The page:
Star (graph theory)

In graph theory, a star Sk is the complete bipartite graph K1,k : a tree with one internal node and k leaves (but no internal nodes and k + 1 leaves when k ≤ 1). Alternatively, some authors define Sk to be the tree of order k with maximum diameter 2; in which case a star of k > 2 has k − 1 leaves.

Star
The star S7. (Some authors index this as S8.)
Verticesk + 1
Edgesk
Diameter2
Girth
Chromatic number2
Chromatic indexk
PropertiesEdge-transitive
Tree
Unit distance
Bipartite
NotationSk
Table of graphs and parameters

A star with 3 edges is called a claw.

The star Sk is edge-graceful when k is even and not when k is odd. It is an edge-transitive matchstick graph, and has diameter 2 (when l > 1), girth ∞ (it has no cycles), chromatic index k, and chromatic number 2 (when k > 0). Additionally, the star has large automorphism group, namely, the symmetric group on k letters.

Stars may also be described as the only connected graphs in which at most one vertex has degree greater than one.

Relation to other graph families

Claws are notable in the definition of claw-free graphs, graphs that do not have any claw as an induced subgraph.[1][2] They are also one of the exceptional cases of the Whitney graph isomorphism theorem: in general, graphs with isomorphic line graphs are themselves isomorphic, with the exception of the claw and the triangle K3.[3]

A star is a special kind of tree. As with any tree, stars may be encoded by a Prüfer sequence; the Prüfer sequence for a star K1,k consists of k − 1 copies of the center vertex.[4]

Several graph invariants are defined in terms of stars. Star arboricity is the minimum number of forests that a graph can be partitioned into such that each tree in each forest is a star,[5] and the star chromatic number of a graph is the minimum number of colors needed to color its vertices in such a way that every two color classes together form a subgraph in which all connected components are stars.[6] The graphs of branchwidth 1 are exactly the graphs in which each connected component is a star.[7]

The star graphs S3, S4, S5 and S6.

Other applications

The set of distances between the vertices of a claw provides an example of a finite metric space that cannot be embedded isometrically into a Euclidean space of any dimension.[8]

The star network, a computer network modeled after the star graph, is important in distributed computing.

A geometric realization of the star graph, formed by identifying the edges with intervals of some fixed length, is used as a local model of curves in tropical geometry. A tropical curve is defined to be a metric space that is locally isomorphic to a star shaped metric graph.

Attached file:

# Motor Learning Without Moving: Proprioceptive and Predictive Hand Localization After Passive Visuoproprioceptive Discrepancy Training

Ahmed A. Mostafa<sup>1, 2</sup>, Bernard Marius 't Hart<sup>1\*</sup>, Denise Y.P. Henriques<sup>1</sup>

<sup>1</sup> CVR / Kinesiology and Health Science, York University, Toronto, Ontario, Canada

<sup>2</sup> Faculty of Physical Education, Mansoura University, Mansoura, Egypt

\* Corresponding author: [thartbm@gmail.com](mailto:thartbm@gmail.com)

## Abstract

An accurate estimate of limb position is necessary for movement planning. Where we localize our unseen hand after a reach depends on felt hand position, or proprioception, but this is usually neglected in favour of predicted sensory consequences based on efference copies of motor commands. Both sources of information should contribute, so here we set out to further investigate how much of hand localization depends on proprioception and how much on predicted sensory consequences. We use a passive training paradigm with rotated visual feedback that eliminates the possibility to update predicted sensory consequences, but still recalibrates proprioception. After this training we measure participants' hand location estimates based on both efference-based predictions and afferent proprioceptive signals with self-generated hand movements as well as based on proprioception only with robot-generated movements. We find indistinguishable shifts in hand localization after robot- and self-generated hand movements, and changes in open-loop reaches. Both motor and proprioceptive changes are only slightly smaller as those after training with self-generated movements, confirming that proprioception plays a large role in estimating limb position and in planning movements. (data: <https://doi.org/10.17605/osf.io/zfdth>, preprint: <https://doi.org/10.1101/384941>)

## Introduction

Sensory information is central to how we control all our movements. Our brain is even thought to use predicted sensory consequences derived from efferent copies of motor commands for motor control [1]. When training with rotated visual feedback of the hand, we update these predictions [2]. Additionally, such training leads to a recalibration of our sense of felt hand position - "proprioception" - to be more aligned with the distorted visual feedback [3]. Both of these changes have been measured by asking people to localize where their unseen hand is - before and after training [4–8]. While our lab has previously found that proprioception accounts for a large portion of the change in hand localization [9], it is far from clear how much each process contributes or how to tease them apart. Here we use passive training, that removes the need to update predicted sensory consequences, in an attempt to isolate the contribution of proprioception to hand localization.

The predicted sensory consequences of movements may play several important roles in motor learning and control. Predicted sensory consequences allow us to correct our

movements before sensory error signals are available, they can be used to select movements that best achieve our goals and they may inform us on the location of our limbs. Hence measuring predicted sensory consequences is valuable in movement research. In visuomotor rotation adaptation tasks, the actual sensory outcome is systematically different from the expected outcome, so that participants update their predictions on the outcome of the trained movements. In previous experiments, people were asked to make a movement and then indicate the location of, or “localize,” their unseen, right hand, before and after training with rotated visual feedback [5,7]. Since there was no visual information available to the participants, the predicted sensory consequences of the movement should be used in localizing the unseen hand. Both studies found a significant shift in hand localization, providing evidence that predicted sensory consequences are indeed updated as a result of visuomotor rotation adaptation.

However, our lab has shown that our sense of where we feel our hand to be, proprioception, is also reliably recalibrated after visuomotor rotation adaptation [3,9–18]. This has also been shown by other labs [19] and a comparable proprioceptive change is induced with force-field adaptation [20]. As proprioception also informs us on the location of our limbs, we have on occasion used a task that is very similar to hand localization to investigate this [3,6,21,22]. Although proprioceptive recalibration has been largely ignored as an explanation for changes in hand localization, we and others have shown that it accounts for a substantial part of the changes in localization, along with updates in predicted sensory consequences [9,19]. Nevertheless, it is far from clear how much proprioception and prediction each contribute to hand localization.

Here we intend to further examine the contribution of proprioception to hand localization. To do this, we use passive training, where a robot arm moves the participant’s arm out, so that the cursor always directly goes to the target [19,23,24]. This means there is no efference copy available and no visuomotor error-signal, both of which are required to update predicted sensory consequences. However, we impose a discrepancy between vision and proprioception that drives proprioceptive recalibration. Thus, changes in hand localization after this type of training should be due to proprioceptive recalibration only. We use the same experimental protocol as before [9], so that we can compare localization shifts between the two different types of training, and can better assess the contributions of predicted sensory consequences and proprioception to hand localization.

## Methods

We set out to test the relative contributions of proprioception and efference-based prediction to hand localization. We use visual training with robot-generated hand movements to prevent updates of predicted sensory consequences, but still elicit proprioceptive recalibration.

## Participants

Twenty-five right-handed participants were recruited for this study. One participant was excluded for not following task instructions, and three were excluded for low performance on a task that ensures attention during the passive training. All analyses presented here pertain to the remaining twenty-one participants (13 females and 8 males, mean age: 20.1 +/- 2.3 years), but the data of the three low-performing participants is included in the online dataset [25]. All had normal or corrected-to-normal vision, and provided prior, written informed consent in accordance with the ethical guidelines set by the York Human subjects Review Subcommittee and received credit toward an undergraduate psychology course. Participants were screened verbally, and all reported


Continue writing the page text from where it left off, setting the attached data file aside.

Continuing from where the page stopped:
References

1. ^ Faudree, Ralph; Flandrin, Evelyne; Ryjáček, Zdeněk (1997), "Claw-free graphs — A survey", Discrete Mathematics, 164 (1–3): 87–147, doi:10.1016/S0012-365X(96)00045-3, MR 1432221.
2. ^ Chudnovsky, Maria; Seymour, Paul (2005), "The structure of claw-free graphs", Surveys in combinatorics 2005 (PDF), London Math. Soc. Lecture Note Ser., vol. 327, Cambridge: Cambridge Univ. Press, pp. 153–171, MR 2187738.
3. ^ Whitney, Hassler (January 1932), "Congruent Graphs and the Connectivity of Graphs", American Journal of Mathematics, 54 (1): 150–168, doi:10.2307/2371086, hdl:10338.dmlcz/101067, JSTOR 2371086.
4. ^ Gottlieb, J.; Julstrom, B. A.; Rothlauf, F.; Raidl, G. R. (2001). "Prüfer numbers: A poor representation of spanning trees for evolutionary search" (PDF). GECCO-2001: Proceedings of the Genetic and Evolutionary Computation Conference. Morgan Kaufmann. pp. 343–350. ISBN 1558607749.
5. ^ Hakimi, S. L.; Mitchem, J.; Schmeichel, E. E. (1996), "Star arboricity of graphs", Discrete Math., 149: 93–98, doi:10.1016/0012-365X(94)00313-8
6. ^ Fertin, Guillaume; Raspaud, André; Reed, Bruce (2004), "Star coloring of graphs", Journal of Graph Theory, 47 (3): 163–182, doi:10.1002/jgt.20029.
7. ^ Robertson, Neil; Seymour, Paul D. (1991), "Graph minors. X. Obstructions to tree-decomposition", Journal of Combinatorial Theory, 52 (2): 153–190, doi:10.1016/0095-8956(91)90061-N.
8. ^ Linial, Nathan (2002), "Finite metric spaces–combinatorics, geometry and algorithms", Proc. International Congress of Mathematicians, Beijing, vol. 3, pp. 573–586, arXiv:math/0304466, Bibcode:2003math......4466L